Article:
The inspiration to get restarted with night-time photography, by the way, was Andy Frazer's Night Photography Blog.


16 January 2009

Eagles day 4

Sorry, no pic today.
Right after the shoot I loaded everything into the car and headed for home. Right now, I'm parked somewhere on a quiet side-road just outside Steinkjer, and here is where I'll spend the night on a mattress in the back of my car.
The little laptop I have for this trip, a Lenovo X61, has been very useful for getting on the internet, but that's just about how far its usefulness goes. The graphics card on this model does not accept ICM colour profiles, so calibration is a waste of time. Also, since it is a laptop from work, the harddisk is protected by some peculiar encryption mechanism. This works well for office applications, but is pretty abrasive on image editing tools. Even such relatively simple software as the Pentax Photo Browser and Adobe Photoshop Elements 6. The latter has crashed on me serveral times while generating thumbnails, and doing some real editing like converting a raw file or somesuch will nearly kill it, poor little machine.
Today's shoot at the eagle hide was great fun. No sea eagle, but three golden eagles (btw, some of you may know the sea eagle as white-tailed eagle - alledgedly the fourth largest eagle species in the world). For a few precious minutes they were even gathered at the feeding site simultaneously. There were a few moments of antagonsim too, which passed too swiftly for me to grab the opportunity.
Today I had new company in the hide, and lo and behold, one of them was a Pentax user! For once Pentaxians outnumbered Nikonians 2:1. But the Nikonian got the better of us when the eagle fighting started. His frame-rattling captured the moments we missed.
Anyway, I know I got a few decent captures myself, even if I missed the best action. I can't wait to have a look at the files on my calibrated screen back home. But it's going to be a long drive before I get there. Some 600 km, I think. By now it's getting close to midnight, and both me and the laptop are running a little low on the batteries.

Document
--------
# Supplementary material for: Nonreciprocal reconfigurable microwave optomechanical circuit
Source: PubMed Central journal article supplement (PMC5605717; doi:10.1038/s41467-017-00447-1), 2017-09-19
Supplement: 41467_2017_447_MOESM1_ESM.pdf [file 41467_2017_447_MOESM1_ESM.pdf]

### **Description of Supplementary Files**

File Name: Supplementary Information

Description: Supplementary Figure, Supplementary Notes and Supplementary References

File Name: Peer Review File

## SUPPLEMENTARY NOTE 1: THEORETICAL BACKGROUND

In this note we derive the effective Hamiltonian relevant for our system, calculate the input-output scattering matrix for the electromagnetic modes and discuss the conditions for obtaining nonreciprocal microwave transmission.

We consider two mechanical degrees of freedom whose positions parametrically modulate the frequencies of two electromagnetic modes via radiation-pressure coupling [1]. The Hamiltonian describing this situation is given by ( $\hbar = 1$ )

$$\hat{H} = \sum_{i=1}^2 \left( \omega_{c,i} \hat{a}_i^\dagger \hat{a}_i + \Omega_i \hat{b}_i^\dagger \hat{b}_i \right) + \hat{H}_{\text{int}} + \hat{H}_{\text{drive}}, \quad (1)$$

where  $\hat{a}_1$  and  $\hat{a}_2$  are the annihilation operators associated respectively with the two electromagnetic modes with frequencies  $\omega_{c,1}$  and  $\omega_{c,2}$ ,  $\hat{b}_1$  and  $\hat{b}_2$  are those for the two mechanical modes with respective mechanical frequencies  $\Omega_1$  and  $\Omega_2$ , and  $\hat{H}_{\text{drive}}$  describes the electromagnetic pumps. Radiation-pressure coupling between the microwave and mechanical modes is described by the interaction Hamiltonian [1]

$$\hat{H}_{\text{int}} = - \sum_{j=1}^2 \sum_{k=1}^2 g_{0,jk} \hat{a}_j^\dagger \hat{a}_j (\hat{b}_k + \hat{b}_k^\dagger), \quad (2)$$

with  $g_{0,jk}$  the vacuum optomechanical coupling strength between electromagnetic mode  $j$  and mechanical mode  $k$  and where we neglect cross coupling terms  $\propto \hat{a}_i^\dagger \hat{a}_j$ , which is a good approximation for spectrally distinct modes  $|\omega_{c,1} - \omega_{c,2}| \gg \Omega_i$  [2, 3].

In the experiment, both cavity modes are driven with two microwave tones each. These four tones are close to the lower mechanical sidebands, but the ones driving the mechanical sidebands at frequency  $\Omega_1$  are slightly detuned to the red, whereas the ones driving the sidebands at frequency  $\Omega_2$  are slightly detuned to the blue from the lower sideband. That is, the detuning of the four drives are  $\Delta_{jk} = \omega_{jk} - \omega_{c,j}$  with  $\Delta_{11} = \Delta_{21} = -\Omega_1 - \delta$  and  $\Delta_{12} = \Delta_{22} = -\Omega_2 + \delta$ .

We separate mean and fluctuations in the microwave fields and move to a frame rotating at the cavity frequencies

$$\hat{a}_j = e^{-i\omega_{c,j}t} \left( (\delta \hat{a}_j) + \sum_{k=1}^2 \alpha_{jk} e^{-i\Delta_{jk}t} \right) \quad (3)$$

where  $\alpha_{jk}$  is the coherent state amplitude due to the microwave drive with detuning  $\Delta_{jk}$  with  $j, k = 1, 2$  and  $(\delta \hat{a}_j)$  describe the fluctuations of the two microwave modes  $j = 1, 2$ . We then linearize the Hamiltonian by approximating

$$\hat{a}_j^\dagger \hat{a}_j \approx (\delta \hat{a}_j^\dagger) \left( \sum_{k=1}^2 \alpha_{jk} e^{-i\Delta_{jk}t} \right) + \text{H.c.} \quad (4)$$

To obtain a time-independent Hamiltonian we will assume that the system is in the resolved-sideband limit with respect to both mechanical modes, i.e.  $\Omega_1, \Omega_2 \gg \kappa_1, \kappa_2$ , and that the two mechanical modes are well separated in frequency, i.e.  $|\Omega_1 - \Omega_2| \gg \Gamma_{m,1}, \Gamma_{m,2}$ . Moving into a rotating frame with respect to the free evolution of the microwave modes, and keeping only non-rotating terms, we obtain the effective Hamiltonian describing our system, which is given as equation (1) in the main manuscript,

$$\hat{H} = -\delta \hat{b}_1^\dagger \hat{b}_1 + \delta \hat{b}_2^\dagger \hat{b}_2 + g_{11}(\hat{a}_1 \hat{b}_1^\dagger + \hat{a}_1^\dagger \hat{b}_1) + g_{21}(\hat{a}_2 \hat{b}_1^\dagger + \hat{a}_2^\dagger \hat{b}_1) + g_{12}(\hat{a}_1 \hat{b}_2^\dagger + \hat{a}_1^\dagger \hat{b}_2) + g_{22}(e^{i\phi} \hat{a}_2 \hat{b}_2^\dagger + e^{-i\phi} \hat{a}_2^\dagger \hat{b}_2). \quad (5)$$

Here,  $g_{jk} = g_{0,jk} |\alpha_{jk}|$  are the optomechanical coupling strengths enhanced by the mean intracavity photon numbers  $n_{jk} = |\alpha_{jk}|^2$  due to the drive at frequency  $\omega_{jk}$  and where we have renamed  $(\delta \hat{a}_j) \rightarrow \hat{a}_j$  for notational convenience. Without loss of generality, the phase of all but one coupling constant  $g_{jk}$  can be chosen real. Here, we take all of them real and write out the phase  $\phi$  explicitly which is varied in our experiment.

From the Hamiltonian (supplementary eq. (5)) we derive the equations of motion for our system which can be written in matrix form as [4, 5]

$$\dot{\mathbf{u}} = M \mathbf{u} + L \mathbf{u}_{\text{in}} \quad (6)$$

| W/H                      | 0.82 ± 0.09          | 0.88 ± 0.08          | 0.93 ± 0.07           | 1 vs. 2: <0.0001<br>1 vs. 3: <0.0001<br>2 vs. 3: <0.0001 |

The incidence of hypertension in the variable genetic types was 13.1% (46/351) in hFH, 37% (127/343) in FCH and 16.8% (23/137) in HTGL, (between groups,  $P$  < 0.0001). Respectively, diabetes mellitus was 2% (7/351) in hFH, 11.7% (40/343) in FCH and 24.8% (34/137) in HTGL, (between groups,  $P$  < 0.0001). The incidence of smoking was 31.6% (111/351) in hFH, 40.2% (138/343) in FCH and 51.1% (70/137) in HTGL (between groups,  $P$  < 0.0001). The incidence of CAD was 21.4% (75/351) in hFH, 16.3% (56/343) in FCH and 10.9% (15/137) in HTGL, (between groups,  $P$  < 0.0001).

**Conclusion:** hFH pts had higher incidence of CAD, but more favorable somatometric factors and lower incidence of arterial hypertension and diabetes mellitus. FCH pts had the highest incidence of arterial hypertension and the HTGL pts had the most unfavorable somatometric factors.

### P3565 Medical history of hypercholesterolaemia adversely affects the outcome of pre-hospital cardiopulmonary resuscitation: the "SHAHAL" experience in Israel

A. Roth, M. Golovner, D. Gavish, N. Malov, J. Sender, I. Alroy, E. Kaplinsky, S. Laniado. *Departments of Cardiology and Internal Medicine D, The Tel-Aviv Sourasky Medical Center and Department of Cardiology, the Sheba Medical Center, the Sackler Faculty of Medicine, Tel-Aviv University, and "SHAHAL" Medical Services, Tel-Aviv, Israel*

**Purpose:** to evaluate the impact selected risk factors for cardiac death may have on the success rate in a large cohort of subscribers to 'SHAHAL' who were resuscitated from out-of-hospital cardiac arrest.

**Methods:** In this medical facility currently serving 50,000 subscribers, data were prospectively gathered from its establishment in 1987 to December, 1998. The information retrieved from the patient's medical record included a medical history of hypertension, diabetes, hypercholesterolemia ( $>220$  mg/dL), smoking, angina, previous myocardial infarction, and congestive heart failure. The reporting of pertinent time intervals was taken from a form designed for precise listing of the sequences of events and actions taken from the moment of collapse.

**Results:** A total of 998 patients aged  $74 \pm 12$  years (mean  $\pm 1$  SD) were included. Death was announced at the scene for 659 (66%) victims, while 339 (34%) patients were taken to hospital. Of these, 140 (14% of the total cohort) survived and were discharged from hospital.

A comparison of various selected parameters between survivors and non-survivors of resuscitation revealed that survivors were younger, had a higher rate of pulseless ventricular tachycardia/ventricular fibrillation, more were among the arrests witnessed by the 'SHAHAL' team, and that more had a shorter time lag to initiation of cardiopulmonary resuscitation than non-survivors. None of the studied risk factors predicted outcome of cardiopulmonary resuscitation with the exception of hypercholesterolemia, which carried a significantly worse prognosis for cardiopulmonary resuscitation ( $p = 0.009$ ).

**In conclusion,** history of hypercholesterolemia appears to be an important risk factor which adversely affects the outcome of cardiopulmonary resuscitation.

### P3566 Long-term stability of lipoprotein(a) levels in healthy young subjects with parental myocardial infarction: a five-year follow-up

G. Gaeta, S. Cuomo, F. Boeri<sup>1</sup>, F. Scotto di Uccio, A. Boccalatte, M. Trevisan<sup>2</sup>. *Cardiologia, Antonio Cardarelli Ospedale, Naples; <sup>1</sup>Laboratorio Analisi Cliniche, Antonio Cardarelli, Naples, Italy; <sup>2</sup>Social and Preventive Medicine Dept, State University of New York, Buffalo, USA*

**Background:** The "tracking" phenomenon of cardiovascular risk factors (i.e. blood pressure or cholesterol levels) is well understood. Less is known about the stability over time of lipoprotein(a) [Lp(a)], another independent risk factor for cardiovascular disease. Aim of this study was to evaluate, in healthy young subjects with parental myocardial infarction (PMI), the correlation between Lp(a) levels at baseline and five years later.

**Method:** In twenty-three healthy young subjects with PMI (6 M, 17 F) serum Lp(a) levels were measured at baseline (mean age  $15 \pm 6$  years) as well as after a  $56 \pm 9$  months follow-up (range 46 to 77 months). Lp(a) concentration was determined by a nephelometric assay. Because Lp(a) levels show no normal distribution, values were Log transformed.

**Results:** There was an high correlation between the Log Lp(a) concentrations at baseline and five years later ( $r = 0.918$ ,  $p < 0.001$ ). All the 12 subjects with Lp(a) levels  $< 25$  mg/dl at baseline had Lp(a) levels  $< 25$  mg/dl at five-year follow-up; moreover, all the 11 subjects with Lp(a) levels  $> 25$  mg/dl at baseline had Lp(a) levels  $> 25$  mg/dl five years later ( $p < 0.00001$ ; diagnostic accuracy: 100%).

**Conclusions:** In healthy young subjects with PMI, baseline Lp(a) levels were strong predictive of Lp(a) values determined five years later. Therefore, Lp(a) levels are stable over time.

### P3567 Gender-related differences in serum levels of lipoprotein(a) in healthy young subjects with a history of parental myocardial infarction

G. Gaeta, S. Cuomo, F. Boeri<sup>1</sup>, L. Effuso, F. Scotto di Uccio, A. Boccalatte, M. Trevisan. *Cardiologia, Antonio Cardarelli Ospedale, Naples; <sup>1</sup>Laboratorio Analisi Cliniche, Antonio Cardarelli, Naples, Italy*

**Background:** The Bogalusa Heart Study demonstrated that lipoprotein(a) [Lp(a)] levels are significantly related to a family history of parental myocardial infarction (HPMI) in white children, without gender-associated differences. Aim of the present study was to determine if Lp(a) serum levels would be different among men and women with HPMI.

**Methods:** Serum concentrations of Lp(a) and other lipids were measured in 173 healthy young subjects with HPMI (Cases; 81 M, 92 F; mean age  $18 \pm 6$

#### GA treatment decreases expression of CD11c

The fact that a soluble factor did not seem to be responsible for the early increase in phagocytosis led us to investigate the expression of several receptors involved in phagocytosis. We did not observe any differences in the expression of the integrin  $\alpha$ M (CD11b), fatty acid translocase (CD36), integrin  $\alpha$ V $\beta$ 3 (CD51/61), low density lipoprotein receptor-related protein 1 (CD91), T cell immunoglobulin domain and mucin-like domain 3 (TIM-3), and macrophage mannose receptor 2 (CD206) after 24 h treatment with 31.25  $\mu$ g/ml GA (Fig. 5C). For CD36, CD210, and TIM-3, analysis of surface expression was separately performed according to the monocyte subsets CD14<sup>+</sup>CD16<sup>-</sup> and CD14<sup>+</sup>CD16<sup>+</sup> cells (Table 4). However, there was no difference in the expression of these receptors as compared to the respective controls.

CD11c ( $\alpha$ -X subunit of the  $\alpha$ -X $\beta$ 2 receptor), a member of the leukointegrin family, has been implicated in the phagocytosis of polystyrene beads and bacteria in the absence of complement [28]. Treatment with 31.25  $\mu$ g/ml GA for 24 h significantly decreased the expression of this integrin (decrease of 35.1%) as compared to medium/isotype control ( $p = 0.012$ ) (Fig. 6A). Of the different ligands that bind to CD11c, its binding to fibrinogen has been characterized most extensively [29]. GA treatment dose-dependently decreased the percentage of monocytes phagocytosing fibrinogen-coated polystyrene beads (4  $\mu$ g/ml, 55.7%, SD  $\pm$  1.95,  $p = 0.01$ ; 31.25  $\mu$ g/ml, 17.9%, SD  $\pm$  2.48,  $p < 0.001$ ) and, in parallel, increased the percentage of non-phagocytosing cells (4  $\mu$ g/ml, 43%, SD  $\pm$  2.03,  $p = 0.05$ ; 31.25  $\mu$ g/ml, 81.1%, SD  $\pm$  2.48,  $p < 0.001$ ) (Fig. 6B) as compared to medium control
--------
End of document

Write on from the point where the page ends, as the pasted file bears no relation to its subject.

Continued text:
Expect a more illustrated report on Sunday. :-)

15 January 2009

Eagles day 3

The goshawk site was in a dense spruce forest where the amount of light was low even with a blue sky overhead. But the goshawk didn't disappoint, so I have come back with a bucketload of images shot at ISO 3200 and ISO 1600. I know I can do the above image more justice, but I desperately need a better screen and my usual arsenal of image editing tools.
The bird experts around here have explained to me that this is an adult male. The horizontal stripes indicate "adult"; the juvenile birds have a more spotted appearance. The colour of the eyes indicate "male". The female's eye colour is more yellow; closer to that of the base of the beak and the feet.
According to my guide I have good reason to be satisfied with my results; it has been shy lately. I had a good two hours continuous session with this bird, which my guide describes as "very well done". So I must be doing something right on my first attempt. :-)
What kinda scares me is that I'm beginning to like this. Well... not really the part of nearly freezing my ass off in the hide, but there is a certain cameraderie with the other photographers here; a very including atmosphere where the day's catch is subject of a very constructive discussion and how one can improve the results next time. The guys into bird photography has a highly specialised knowledge of this type of photography, where there apparently is a black hole's worth of details to pay attention to. I really feel like a novice here.